Monday, 30th October 2017

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Business confidence takes a hit

Business confidence index tumbled to 103.1 in the second quarter of 2019-20 (July-September), down 22.5% from year-ago levels

  • Published 12.11.19, 1:51 AM
  • Updated 12.11.19, 1:51 AM
  • a min read
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The BCI, which is based on the 110th round of NCAER’s Business Expectations Survey (BES), “suggests a deep and all-pervasive worsening of business sentiment”, says a statement issued by the economic think-tank. (Shutterstock)

Business confidence in India has been draining continuously as the economy shudders through its worst slowdown in over a decade.

The business confidence index (BCI) developed by the National Council of Applied Economic Research — the Delhi-based economic policy research and macroeconomics think tank — doesn’t make for pretty reading.

The NCAER’s measure of business confidence shows that the index tumbled to 103.1 in the second quarter of 2019-20 (July-September), down 22.5 per cent from year-ago levels.

In October 2019, the index sank 15.3 per cent on a quarter-on-quarter basis despite a small recovery in July.

The BCI, which is based on the 110th round of NCAER’s Business Expectations Survey (BES), “suggests a deep and all-pervasive worsening of business sentiment”, says a statement issued by the economic think-tank.

The index is created out of four components each of which has equal weightage. These are based on responses from about 600 companies across six cities to assess business sentiment in the four regions of India: Delhi NCR which represents the North; Mumbai and Pune, the West; Calcutta, the East; and Bangalore and Chennai representing the South.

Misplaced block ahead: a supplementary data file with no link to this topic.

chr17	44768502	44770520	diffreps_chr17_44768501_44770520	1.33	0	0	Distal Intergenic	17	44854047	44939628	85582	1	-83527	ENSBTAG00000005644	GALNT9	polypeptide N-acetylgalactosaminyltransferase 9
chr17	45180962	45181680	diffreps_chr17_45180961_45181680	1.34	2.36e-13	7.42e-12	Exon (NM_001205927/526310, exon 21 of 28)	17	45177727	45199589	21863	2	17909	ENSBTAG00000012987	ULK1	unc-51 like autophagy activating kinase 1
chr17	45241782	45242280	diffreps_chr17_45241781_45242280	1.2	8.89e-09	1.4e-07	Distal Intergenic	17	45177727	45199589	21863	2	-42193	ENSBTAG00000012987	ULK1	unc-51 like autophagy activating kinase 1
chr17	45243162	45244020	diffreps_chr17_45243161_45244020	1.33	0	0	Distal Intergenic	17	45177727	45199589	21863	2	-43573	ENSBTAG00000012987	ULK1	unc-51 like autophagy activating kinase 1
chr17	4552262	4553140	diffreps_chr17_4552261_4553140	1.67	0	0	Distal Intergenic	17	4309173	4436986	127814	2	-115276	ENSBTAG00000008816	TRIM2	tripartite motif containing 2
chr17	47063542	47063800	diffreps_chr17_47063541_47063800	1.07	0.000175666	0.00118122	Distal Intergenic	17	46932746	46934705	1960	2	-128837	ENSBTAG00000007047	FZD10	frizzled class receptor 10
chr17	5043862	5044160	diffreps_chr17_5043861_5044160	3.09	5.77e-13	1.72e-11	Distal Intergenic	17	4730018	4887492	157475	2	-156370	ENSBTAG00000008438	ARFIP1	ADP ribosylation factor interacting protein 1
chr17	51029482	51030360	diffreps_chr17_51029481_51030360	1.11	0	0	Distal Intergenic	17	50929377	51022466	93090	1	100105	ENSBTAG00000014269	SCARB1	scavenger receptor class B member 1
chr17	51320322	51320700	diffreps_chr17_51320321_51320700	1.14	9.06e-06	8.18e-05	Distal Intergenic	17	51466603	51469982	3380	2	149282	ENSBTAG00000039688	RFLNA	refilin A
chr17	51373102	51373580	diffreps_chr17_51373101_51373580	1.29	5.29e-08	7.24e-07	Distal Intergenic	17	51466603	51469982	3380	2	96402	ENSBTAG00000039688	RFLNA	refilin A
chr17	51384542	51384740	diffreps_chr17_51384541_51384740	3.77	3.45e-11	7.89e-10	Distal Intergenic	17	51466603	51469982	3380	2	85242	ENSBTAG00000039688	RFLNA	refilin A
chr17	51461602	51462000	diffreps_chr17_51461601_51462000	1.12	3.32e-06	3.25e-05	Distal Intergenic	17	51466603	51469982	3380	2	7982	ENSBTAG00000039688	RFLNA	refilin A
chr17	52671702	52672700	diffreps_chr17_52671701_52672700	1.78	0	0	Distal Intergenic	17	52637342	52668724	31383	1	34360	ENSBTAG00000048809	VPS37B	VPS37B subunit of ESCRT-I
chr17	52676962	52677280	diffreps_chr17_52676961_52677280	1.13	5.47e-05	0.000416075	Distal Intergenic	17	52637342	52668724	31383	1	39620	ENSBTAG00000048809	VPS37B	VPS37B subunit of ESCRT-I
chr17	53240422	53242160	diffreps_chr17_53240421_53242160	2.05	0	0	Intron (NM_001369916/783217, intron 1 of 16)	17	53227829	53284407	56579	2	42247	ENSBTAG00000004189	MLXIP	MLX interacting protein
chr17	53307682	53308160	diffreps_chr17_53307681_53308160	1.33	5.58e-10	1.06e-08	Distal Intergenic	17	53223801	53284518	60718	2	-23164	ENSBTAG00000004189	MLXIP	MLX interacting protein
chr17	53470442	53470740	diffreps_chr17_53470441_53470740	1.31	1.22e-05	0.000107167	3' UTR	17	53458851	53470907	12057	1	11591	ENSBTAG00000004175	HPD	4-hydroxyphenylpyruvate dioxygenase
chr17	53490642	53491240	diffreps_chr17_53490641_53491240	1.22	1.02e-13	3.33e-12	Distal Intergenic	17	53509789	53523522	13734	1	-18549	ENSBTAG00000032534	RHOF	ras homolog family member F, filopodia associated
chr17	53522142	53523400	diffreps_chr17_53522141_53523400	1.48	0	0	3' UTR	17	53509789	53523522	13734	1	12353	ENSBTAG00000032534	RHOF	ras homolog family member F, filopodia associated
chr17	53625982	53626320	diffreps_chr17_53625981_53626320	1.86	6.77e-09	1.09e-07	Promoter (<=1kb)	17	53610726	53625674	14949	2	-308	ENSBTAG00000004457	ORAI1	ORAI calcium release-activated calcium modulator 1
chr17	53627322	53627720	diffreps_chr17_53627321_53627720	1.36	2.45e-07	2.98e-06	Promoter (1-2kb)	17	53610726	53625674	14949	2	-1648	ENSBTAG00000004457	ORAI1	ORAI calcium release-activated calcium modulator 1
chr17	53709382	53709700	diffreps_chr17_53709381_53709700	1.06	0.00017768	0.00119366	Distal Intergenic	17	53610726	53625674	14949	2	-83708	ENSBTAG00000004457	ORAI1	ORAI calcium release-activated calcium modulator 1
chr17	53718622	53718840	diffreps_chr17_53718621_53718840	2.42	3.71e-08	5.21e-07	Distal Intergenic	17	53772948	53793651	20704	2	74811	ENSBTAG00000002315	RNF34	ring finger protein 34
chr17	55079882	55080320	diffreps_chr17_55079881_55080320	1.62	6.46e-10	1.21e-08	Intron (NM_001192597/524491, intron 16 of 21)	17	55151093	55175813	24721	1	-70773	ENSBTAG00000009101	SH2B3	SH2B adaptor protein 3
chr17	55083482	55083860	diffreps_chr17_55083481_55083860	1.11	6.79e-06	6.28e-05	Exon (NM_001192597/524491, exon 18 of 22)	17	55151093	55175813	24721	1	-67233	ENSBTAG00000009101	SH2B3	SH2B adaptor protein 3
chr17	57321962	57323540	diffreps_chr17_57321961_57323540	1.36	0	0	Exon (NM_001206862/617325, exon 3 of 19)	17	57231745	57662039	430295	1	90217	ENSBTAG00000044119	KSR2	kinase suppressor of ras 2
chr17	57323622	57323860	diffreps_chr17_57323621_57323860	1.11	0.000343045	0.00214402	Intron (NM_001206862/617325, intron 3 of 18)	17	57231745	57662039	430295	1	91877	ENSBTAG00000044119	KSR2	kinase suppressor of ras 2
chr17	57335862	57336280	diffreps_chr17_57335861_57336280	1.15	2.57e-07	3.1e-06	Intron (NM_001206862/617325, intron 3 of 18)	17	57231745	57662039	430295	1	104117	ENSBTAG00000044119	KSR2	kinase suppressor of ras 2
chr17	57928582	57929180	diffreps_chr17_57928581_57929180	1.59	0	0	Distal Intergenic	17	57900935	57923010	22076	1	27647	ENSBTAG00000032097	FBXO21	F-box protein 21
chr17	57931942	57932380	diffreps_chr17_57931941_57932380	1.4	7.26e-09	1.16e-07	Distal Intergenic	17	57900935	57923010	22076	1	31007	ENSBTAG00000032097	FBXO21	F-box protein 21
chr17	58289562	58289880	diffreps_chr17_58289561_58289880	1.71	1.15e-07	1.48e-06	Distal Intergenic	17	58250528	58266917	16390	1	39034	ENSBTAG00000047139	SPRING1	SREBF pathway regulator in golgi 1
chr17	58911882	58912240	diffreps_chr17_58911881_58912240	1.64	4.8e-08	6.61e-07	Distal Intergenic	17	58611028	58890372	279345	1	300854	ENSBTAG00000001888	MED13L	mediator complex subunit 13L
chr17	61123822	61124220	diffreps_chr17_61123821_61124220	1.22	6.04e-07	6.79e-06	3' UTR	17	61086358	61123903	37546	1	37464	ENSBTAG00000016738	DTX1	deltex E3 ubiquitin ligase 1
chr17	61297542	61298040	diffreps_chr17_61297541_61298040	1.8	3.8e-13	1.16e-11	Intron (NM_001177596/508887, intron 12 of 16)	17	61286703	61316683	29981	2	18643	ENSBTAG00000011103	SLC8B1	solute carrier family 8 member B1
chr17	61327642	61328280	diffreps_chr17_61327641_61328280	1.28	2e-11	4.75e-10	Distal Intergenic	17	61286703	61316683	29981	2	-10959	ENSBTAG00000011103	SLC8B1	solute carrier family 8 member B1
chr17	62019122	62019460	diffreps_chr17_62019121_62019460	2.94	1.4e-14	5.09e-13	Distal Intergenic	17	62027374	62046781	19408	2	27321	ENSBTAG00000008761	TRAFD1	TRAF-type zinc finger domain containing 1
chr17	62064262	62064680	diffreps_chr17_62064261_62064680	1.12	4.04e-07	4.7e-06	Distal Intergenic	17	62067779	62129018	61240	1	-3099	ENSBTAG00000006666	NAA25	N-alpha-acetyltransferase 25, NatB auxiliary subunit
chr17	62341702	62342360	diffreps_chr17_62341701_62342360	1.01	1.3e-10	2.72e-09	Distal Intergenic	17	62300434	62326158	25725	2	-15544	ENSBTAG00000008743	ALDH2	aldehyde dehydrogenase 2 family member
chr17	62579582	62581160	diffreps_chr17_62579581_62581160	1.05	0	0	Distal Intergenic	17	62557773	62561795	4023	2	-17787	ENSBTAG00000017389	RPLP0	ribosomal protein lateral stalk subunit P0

The index is computed on the basis of responses to four questions: two of these are devoted to macro factors and the other two to micro factors. The questions are:

  • Will economic conditions be better in the next six months
  • Will the financials of firms improve in the next six months
  • Is the present investment climate positive
  • Is the present capacity utilisation close to or above optimal.

The study shows that the BCI in October 2019 was driven by a deterioration in sentiments across all four components. The steepest decline was seen in the component relating to the overall economic conditions in the next six months.

After two consecutive rises in April 2019 (12.4 per cent) and July 2019 (18 per cent), the political confidence index (PCI) fell 35.6 per cent between July and October 2019 quarter-on-quarter.

The number of positive responses to all the components assessed in this index fell between the two quarters of July and October 2019. The eight components were managing overall economic growth, managing exchange rate, pushing the economic reforms forward, managing government finance, managing conducive political climate, external trade negotiations, managing unemployment and managing inflation.